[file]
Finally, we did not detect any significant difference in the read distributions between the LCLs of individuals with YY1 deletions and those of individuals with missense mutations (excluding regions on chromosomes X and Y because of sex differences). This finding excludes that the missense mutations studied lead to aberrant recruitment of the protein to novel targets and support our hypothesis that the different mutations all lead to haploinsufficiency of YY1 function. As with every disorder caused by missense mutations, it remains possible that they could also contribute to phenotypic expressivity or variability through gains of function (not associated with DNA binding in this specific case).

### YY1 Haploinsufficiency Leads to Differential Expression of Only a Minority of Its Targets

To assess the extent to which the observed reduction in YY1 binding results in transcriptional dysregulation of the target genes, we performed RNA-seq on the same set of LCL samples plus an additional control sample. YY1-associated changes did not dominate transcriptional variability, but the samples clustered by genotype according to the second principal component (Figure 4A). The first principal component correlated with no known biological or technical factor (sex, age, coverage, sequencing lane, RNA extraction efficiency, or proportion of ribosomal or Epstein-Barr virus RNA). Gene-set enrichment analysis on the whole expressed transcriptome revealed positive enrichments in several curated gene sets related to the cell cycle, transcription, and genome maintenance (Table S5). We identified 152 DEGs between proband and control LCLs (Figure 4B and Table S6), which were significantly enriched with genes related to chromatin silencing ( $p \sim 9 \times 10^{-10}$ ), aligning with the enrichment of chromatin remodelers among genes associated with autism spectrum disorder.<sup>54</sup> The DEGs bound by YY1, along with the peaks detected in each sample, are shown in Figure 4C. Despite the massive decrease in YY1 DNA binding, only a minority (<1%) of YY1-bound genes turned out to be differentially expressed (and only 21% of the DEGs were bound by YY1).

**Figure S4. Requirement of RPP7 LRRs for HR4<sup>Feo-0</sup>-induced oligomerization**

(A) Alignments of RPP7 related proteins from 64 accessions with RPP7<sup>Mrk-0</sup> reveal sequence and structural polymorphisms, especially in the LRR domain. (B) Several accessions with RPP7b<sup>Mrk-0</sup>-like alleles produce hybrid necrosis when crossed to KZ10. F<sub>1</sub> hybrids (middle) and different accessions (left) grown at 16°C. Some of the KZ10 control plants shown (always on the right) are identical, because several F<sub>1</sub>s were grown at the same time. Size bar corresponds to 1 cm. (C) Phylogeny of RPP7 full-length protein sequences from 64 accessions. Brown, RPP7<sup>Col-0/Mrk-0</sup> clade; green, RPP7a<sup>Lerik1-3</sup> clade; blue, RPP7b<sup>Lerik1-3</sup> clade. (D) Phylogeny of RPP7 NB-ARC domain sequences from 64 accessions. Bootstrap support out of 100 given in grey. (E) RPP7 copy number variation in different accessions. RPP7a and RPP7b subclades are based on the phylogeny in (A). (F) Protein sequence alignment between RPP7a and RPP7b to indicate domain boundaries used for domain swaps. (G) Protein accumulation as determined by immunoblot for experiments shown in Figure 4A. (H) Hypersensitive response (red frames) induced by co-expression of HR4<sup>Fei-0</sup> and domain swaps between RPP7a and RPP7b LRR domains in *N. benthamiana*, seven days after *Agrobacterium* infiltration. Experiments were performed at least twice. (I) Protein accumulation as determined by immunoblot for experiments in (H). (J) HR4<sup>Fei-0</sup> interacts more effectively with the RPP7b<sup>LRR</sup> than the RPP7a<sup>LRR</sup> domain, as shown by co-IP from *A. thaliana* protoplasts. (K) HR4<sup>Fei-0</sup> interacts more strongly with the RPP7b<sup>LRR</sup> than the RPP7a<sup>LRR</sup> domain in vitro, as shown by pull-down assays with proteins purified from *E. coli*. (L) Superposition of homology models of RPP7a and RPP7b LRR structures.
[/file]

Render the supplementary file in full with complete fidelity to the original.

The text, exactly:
Finally, we did not detect any significant difference in the read distributions between the LCLs of individuals with YY1 deletions and those of individuals with missense mutations (excluding regions on chromosomes X and Y because of sex differences). This finding excludes that the missense mutations studied lead to aberrant recruitment of the protein to novel targets and support our hypothesis that the different mutations all lead to haploinsufficiency of YY1 function. As with every disorder caused by missense mutations, it remains possible that they could also contribute to phenotypic expressivity or variability through gains of function (not associated with DNA binding in this specific case).

### YY1 Haploinsufficiency Leads to Differential Expression of Only a Minority of Its Targets

To assess the extent to which the observed reduction in YY1 binding results in transcriptional dysregulation of the target genes, we performed RNA-seq on the same set of LCL samples plus an additional control sample. YY1-associated changes did not dominate transcriptional variability, but the samples clustered by genotype according to the second principal component (Figure 4A). The first principal component correlated with no known biological or technical factor (sex, age, coverage, sequencing lane, RNA extraction efficiency, or proportion of ribosomal or Epstein-Barr virus RNA). Gene-set enrichment analysis on the whole expressed transcriptome revealed positive enrichments in several curated gene sets related to the cell cycle, transcription, and genome maintenance (Table S5). We identified 152 DEGs between proband and control LCLs (Figure 4B and Table S6), which were significantly enriched with genes related to chromatin silencing ( $p \sim 9 \times 10^{-10}$ ), aligning with the enrichment of chromatin remodelers among genes associated with autism spectrum disorder.<sup>54</sup> The DEGs bound by YY1, along with the peaks detected in each sample, are shown in Figure 4C. Despite the massive decrease in YY1 DNA binding, only a minority (<1%) of YY1-bound genes turned out to be differentially expressed (and only 21% of the DEGs were bound by YY1).

**Figure S4. Requirement of RPP7 LRRs for HR4<sup>Feo-0</sup>-induced oligomerization**

(A) Alignments of RPP7 related proteins from 64 accessions with RPP7<sup>Mrk-0</sup> reveal sequence and structural polymorphisms, especially in the LRR domain. (B) Several accessions with RPP7b<sup>Mrk-0</sup>-like alleles produce hybrid necrosis when crossed to KZ10. F<sub>1</sub> hybrids (middle) and different accessions (left) grown at 16°C. Some of the KZ10 control plants shown (always on the right) are identical, because several F<sub>1</sub>s were grown at the same time. Size bar corresponds to 1 cm. (C) Phylogeny of RPP7 full-length protein sequences from 64 accessions. Brown, RPP7<sup>Col-0/Mrk-0</sup> clade; green, RPP7a<sup>Lerik1-3</sup> clade; blue, RPP7b<sup>Lerik1-3</sup> clade. (D) Phylogeny of RPP7 NB-ARC domain sequences from 64 accessions. Bootstrap support out of 100 given in grey. (E) RPP7 copy number variation in different accessions. RPP7a and RPP7b subclades are based on the phylogeny in (A). (F) Protein sequence alignment between RPP7a and RPP7b to indicate domain boundaries used for domain swaps. (G) Protein accumulation as determined by immunoblot for experiments shown in Figure 4A. (H) Hypersensitive response (red frames) induced by co-expression of HR4<sup>Fei-0</sup> and domain swaps between RPP7a and RPP7b LRR domains in *N. benthamiana*, seven days after *Agrobacterium* infiltration. Experiments were performed at least twice. (I) Protein accumulation as determined by immunoblot for experiments in (H). (J) HR4<sup>Fei-0</sup> interacts more effectively with the RPP7b<sup>LRR</sup> than the RPP7a<sup>LRR</sup> domain, as shown by co-IP from *A. thaliana* protoplasts. (K) HR4<sup>Fei-0</sup> interacts more strongly with the RPP7b<sup>LRR</sup> than the RPP7a<sup>LRR</sup> domain in vitro, as shown by pull-down assays with proteins purified from *E. coli*. (L) Superposition of homology models of RPP7a and RPP7b LRR structures.